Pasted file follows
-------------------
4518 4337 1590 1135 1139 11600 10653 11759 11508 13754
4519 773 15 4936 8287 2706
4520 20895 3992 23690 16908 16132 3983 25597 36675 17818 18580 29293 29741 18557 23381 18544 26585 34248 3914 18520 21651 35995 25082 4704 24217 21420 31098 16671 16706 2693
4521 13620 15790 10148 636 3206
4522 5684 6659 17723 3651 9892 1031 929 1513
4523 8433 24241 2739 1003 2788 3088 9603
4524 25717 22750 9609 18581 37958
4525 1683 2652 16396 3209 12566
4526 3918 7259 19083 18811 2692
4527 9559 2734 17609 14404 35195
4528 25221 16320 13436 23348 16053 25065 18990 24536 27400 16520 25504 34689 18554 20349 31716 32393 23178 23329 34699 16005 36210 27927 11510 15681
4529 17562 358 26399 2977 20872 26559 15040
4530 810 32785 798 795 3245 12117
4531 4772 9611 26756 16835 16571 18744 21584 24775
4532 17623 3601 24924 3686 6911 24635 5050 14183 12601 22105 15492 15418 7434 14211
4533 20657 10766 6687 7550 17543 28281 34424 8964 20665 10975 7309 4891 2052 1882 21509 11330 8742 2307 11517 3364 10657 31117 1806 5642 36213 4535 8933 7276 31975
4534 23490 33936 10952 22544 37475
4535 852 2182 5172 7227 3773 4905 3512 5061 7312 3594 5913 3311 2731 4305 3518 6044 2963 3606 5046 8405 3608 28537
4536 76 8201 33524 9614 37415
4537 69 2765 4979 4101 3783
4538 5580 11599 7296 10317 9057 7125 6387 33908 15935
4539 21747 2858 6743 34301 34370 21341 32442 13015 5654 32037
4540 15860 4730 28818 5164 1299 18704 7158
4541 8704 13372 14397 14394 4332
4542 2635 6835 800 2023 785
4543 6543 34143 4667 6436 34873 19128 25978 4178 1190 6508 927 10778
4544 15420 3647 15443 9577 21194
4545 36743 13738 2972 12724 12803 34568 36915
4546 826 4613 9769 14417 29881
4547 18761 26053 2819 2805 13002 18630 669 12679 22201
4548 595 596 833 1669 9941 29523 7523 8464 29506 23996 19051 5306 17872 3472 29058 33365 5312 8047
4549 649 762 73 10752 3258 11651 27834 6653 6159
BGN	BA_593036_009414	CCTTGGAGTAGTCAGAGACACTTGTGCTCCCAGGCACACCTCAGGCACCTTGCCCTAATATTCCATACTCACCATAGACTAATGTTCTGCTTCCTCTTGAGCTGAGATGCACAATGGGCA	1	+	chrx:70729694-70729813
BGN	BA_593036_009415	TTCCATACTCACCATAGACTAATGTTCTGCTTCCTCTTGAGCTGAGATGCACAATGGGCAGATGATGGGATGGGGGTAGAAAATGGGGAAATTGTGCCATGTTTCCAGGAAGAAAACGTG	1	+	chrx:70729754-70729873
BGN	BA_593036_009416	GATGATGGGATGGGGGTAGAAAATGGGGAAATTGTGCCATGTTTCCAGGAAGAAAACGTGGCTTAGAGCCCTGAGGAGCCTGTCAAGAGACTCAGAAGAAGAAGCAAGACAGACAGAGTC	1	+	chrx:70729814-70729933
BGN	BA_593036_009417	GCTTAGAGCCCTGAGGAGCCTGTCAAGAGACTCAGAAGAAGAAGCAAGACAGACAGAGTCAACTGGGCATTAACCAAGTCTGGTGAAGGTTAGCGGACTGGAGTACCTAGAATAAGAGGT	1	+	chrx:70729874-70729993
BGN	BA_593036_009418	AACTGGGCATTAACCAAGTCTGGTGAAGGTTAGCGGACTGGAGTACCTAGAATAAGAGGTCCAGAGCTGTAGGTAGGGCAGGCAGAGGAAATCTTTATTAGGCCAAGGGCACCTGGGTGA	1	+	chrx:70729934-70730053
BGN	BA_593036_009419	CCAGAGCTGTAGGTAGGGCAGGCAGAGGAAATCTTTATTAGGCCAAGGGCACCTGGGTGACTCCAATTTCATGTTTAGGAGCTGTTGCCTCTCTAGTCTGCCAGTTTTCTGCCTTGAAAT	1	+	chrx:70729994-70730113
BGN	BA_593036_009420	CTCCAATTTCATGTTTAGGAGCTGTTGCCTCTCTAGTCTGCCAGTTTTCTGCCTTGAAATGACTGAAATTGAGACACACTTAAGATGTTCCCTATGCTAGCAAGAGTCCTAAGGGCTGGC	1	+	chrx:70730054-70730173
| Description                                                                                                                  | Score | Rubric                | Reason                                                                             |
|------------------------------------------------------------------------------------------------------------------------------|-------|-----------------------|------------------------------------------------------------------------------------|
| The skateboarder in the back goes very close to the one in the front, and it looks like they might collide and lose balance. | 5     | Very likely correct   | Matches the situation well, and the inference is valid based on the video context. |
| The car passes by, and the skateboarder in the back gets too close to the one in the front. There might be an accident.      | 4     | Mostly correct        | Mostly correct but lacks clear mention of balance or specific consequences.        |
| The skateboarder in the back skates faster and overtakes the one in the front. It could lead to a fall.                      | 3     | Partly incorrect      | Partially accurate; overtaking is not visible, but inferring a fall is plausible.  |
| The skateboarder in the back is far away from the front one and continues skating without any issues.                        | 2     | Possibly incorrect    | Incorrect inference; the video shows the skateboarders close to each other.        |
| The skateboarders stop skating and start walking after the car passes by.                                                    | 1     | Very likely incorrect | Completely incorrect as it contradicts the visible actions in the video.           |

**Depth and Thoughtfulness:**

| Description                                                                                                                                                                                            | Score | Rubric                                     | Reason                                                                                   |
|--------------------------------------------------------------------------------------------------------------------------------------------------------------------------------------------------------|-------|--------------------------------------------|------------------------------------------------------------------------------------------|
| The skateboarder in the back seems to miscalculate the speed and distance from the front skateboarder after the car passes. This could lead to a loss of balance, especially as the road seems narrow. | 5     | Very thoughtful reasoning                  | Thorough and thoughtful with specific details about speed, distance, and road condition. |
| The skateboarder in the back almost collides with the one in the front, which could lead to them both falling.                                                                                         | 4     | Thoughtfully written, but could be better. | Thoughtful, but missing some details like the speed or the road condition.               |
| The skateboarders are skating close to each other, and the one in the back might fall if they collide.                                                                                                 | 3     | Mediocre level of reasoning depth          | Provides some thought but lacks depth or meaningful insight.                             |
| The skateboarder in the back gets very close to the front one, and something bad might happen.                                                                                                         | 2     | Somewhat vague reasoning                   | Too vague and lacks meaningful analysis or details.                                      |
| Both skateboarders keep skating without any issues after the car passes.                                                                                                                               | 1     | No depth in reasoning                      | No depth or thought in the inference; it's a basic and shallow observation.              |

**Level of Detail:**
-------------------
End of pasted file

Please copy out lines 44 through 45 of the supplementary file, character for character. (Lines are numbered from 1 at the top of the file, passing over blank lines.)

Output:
| The skateboarder in the back skates faster and overtakes the one in the front. It could lead to a fall.                      | 3     | Partly incorrect      | Partially accurate; overtaking is not visible, but inferring a fall is plausible.  |
| The skateboarder in the back is far away from the front one and continues skating without any issues.                        | 2     | Possibly incorrect    | Incorrect inference; the video shows the skateboarders close to each other.        |